THE NATIONAL 2017: NEW AUSTRALIAN ART 20170324 20170625
$REE In Stock Primary
Carriageworks 245 Wilson St, Eveleigh NSW 2015




A major exhibition partnership between three of Sydney’s premier cultural institutions, The National: New Australian Art is a six-year initiative presenting the latest ideas and forms in contemporary Australian art over three editions in 2017, 2019 and 2021.

Richard Bell; Chris Bond & Wes Thorne; Karla Dickens; Atlanta Eke & Ghenoa Gela; Heath Franco*; Alex Gawronski; Agatha Gothe-Snape; Alan Griffiths; Jess Johnson & Simon Ward; Richard Lewer; Archie Moore; Claudia Nicholson; Ramesh Mario Nithiyendran; Justene Williams; Jemima Wyman

Please note the exhibition contains some adult content.
*Heath Franco’s work contains nudity and explicit sexual content with entry to his exhibit restricted to those 18 years and over.

Gordon Bennett; Megan Cope; Keg de Souza; Emily Floyd; Alex Gawronski; Gunybi Ganambarr; Dale Harding; Taloi Havini; Helen Johnson; Nicholas Mangan; Alex Martinis Roe; Tom Nicholson; Raquel Ormella; Khaled Sabsabi; Yhonnie Scarce; Tiger Yaltangki

Khadim Ali; Zanny Begg; Matthew Bradley; Gary Carsley; Erin Coates; Marco Fusinato; Alex Gawronski; Julie Gough; Gordon Hookey; Peter Maloney; Karen Mills; Rose Nolan; Stieg Persson; Elizabeth Pulie; Ronnie van Hout; Nell



Richard Bell (b. 1953 in Charleville, Queensland)
Richard Bell (b. 1953) lives and works in Brisbane, Australia. He works across a variety of media including painting, installation, performance and video. One of Australia’s most significant artists, Bell’s work explores the complex artistic and political problems of Western, colonial and Indigenous art production. He grew out of a generation of Aboriginal activists and has remained committed to the politics of Aboriginal emancipation and self-determination.

Chris Bond (b. 1975 in Melbourne)
Chris Bond lives and works in Melbourne. His practice combines identity fabrication and closely-worked detail in order to play with knowledge and perception, expectation and plausibility. He constructs narratives in which fictional artists, writers and organisations circulate, spawning documentary material that Bond then appropriates and recycles in future work. In his paintings and drawings, the process finds an end in imagined books, magazines, exhibition catalogues and correspondence that are sometimes self-referential and sometimes process-referential. Within his installation practice, he hijacks the conventions of museum display to convey unlikely, fantastic stories, where threatening, illusory forms creep at the edge of the real.

Karla Dickens (b. 1967 in Sydney)
Karla Dickens lives and works in Lismore. Driving forces behind Karla’s need to communicate are her Indigenous (Wiradjuri) heritage, sexuality and life experiences as a single mother. Dickens uses recycled everyday items to explore notions of persistence amidst inherent violence and misunderstanding. Made with uncommon rawness and daring, her meticulously fabricated works emanate a rare truthfulness and honesty. Edgy and hard to confine, Karla often cannibalizes existing works to create new ones. She presents a wide ranging and unique interpretation of the real world; where past and present collide in a multi-dimensional kaleidoscope of her own making.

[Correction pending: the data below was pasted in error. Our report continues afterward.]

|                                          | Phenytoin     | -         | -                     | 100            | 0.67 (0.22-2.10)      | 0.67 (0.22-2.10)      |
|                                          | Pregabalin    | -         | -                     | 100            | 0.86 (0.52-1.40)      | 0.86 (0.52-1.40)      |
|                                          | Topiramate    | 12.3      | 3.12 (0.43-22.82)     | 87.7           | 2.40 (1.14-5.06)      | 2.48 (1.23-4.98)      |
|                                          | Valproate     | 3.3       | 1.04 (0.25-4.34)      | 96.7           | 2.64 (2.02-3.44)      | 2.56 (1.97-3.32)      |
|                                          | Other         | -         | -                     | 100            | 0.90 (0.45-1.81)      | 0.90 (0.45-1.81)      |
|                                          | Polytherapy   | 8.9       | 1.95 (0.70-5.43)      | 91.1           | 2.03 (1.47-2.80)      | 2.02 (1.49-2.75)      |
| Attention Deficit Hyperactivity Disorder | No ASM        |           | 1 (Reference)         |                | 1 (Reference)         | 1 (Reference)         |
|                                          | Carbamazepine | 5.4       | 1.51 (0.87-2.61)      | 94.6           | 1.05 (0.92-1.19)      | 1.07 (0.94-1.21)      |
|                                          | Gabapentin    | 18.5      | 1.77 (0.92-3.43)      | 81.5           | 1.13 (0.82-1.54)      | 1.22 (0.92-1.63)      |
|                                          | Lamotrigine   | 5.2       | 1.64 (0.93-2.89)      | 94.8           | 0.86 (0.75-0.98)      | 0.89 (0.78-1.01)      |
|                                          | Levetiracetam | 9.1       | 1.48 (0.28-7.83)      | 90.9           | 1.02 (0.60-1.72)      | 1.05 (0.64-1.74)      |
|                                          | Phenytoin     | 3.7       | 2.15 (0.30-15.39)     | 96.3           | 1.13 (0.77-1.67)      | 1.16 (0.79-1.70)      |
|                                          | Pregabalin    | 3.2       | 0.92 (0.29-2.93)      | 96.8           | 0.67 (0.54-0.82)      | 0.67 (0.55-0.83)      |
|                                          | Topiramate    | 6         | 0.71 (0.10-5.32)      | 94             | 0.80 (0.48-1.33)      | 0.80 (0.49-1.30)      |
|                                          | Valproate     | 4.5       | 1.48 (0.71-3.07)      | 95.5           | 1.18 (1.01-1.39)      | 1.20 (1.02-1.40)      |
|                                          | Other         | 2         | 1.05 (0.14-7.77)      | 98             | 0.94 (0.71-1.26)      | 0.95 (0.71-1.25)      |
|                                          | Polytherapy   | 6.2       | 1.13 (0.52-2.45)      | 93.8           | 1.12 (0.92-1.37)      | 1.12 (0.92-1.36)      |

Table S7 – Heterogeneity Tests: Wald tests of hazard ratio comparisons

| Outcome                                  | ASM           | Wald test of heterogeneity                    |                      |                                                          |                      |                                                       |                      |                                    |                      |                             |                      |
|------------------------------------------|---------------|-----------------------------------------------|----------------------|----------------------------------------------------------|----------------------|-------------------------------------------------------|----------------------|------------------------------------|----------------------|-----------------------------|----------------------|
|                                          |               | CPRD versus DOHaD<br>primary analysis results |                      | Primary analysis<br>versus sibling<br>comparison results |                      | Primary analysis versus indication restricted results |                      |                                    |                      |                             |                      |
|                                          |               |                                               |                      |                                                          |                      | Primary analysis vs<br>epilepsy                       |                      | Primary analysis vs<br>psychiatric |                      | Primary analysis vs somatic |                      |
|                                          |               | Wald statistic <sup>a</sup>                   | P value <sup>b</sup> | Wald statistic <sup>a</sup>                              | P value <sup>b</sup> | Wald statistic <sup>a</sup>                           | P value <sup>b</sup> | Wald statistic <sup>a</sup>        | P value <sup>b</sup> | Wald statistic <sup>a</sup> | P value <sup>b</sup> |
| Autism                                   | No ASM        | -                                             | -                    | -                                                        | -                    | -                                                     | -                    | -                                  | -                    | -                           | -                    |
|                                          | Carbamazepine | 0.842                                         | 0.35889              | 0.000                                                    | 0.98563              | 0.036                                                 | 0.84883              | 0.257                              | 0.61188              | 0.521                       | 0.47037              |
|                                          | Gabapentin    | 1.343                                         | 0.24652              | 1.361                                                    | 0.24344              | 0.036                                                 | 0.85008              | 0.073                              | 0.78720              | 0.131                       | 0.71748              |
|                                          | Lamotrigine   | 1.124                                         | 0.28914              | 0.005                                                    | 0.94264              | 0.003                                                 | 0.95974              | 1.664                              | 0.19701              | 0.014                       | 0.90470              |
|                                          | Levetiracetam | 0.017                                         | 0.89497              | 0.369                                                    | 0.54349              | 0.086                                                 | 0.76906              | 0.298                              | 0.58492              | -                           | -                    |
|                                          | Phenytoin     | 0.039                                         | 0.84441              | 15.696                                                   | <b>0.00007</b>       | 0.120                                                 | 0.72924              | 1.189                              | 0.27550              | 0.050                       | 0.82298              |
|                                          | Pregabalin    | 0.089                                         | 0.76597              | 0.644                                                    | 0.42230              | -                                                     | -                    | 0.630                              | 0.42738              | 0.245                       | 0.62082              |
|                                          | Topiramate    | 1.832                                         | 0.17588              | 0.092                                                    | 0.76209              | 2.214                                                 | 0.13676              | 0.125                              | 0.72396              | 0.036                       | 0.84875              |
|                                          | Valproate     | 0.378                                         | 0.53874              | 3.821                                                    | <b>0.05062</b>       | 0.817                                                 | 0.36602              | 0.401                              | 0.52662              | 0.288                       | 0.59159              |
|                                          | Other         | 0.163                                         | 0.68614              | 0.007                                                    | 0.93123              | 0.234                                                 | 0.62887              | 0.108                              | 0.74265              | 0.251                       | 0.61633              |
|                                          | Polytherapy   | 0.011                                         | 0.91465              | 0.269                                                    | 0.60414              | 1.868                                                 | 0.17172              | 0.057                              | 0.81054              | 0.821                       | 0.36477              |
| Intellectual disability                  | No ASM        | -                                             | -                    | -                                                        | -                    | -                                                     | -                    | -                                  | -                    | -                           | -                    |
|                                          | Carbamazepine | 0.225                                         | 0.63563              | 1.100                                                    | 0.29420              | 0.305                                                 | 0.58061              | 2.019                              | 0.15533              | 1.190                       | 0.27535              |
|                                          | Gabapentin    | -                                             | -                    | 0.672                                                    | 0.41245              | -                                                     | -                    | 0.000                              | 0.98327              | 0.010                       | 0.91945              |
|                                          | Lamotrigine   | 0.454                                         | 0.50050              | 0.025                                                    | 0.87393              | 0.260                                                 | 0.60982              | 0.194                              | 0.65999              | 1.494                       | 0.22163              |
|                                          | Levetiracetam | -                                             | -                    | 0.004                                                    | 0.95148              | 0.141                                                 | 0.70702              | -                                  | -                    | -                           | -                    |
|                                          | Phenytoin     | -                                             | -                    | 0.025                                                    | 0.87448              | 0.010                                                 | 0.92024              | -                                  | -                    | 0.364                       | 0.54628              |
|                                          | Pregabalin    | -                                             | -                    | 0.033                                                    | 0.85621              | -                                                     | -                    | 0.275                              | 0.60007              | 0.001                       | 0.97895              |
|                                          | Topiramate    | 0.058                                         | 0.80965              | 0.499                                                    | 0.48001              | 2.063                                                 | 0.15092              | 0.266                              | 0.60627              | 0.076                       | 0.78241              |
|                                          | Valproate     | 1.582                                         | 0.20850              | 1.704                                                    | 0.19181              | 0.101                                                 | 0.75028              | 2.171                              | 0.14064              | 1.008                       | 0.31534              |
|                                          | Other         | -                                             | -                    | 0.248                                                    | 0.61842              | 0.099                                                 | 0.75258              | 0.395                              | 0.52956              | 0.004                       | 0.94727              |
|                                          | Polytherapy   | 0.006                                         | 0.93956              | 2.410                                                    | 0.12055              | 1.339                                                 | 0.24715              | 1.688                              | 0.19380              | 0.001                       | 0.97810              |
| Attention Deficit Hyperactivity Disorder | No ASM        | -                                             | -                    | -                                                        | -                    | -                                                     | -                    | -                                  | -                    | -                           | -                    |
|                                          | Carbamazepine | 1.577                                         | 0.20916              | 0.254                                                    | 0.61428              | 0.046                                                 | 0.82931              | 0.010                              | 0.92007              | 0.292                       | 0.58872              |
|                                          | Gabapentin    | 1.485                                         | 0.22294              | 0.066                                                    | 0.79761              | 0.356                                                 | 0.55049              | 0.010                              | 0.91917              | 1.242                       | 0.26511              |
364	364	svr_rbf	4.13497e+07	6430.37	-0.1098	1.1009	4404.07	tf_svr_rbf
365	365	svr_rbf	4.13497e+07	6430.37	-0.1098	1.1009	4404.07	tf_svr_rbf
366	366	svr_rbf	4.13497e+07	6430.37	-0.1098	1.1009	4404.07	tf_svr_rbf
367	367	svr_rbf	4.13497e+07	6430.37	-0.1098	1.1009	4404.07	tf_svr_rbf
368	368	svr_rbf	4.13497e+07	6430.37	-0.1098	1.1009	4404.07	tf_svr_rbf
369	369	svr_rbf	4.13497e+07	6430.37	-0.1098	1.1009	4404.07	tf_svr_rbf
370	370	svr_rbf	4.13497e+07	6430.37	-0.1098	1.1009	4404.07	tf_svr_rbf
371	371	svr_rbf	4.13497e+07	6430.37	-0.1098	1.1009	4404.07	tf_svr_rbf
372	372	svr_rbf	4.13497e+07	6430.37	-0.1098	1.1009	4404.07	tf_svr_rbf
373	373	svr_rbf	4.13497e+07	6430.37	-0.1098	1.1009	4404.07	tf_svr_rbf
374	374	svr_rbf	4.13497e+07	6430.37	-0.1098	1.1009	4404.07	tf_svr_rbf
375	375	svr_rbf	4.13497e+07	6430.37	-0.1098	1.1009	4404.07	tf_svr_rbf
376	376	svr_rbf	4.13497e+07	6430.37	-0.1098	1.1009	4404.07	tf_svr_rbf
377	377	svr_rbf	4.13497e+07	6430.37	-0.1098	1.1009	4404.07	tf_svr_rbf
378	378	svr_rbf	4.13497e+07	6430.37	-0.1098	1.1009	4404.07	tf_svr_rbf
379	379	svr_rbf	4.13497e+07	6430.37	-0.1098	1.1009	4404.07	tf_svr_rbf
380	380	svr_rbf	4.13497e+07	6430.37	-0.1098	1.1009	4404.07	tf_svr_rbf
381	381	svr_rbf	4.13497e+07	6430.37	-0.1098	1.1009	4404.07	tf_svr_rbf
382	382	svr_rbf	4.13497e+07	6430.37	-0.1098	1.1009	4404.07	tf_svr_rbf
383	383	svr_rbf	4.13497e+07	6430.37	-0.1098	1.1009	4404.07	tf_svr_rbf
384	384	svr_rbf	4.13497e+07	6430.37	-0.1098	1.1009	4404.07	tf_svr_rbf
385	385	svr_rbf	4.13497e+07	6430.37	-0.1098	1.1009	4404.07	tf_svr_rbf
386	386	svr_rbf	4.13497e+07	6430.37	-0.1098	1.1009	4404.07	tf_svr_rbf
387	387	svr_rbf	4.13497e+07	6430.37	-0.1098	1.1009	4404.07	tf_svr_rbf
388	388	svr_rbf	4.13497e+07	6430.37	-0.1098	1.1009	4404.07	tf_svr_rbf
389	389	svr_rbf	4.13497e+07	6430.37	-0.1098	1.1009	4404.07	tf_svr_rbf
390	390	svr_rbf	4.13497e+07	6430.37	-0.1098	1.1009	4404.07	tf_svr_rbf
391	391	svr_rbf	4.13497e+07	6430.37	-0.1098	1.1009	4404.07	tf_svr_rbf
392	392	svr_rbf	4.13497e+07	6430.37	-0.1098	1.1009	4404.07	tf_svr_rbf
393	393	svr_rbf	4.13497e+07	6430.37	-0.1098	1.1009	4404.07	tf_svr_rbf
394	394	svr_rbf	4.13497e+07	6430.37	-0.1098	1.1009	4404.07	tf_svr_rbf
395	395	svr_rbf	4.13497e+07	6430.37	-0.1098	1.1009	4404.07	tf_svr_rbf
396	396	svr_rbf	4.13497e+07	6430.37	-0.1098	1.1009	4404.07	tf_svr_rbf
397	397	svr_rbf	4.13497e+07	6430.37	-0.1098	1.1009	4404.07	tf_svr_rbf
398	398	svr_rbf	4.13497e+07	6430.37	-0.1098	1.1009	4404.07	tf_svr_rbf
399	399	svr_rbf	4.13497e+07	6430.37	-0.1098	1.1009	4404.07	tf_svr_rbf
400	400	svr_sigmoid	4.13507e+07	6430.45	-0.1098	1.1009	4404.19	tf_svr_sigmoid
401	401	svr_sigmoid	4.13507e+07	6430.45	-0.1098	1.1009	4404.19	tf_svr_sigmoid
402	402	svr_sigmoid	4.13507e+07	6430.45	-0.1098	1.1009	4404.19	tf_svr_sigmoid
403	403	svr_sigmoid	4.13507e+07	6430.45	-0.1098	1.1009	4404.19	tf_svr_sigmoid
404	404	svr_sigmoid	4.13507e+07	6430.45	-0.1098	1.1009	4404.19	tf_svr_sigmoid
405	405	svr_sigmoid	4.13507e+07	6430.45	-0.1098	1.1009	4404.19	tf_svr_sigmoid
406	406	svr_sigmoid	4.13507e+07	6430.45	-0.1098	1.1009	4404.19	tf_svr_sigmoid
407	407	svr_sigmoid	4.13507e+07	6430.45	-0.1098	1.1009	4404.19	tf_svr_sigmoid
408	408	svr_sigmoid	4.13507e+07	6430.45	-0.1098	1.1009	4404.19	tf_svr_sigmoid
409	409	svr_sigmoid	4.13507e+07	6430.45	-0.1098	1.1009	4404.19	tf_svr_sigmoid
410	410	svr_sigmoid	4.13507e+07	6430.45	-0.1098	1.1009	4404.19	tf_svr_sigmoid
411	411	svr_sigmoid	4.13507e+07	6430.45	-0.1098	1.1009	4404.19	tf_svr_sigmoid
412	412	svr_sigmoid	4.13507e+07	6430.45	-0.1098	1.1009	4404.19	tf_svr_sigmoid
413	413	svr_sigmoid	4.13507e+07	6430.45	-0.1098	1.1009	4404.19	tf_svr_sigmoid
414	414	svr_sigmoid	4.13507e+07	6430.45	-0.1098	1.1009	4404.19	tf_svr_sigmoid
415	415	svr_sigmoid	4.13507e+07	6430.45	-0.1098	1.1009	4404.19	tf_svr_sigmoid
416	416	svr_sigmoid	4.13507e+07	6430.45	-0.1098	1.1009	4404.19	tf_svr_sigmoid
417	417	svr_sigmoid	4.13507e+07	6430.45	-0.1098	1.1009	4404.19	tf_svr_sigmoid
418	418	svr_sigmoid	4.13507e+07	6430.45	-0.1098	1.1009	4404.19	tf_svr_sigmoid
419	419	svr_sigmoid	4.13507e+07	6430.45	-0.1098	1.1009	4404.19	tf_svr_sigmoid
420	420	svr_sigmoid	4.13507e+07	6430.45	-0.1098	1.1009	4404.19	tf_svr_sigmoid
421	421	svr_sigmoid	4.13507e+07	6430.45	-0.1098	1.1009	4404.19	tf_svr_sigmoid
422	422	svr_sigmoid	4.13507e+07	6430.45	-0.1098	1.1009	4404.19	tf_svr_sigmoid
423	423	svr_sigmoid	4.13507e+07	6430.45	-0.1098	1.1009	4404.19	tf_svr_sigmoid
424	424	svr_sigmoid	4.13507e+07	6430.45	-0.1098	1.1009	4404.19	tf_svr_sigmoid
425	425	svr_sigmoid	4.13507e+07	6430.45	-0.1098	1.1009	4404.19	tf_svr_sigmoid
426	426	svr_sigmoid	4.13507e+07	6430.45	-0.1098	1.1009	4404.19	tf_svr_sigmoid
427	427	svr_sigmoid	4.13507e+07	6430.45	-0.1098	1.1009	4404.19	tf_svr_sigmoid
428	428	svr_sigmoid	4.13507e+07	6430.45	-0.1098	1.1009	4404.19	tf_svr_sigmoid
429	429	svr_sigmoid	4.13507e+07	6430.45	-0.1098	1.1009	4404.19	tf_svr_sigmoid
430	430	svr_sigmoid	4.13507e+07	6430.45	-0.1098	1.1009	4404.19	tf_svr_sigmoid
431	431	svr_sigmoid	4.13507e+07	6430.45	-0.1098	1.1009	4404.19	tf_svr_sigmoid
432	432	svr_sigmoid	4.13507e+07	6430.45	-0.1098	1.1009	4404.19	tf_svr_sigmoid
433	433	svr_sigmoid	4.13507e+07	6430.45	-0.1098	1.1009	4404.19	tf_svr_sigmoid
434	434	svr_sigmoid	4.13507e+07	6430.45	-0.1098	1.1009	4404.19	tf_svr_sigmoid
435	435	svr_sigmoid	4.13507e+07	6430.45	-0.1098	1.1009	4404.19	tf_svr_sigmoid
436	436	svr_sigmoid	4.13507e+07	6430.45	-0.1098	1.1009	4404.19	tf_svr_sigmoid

Atlanta Eke (b. in 1983)
Atlanta Eke lives and works in Melbourne. She is a dancer and choreographer concerned with dissolving pre-existing perceptions and expectations by changing fixed representations of the body through movement. She works with and beyond the limitations of the body, in collaboration with fellow dancers, artists and arts administrators in variety of contexts. Her work with dance is currently project specific, within each project a question for the next arises, along side an effort to deconstruct the modes of production and presentation of the previous work. Having recently had opportunities to present work in exhibition spaces, she is interested in how an exhibition space and timeframe can be utilized as a resource for developing dance.

Alex Gawronski (b. in 1968)
Alex Gawronski’s practice is multi-faceted incorporating installation, photography, painting, video and text. Much of Gawronski’s art nonetheless consists of architectural installations that focus on the institutional dynamics that underwrite and determine how we see and consume art. Gawronski frequently uses galleries and museums to construct narrative fictions that problematise simple assumptions about the supposed neutrality of institutional spaces. These installations allude, often obliquely and poetically, to the economic, socio-political and historical contexts that in reality define them. Drawing from legacies of institutional critique, Gawronski’s work is less proscriptive than a lot of art produced under that moniker. His works embrace aspects of the absurd whereby an uncanny intrusion – usually in the form of built structure – is made to appear in a context that is otherwise foreign to it.

Ghenoa Gela (b. 1982 in Rockhampton, Queensland)
Ghenoa Gela lives and works in Sydney. Her arts practice spans across a variety of fields and experiences. Ghenoa’s passion for the arts originates from her great passion for her Torres Strait Islander culture – telling stories, solidifying her traditional dance technique and sharing her culture. Her practice is heavily driven by a desire to share her culture and knowledge, not only with her peers, but also with wider Australian communities and by extension, her audience members. This drive, together with her experience of being constantly confronted by Western theatre constructs, motivates the work she eagerly creates.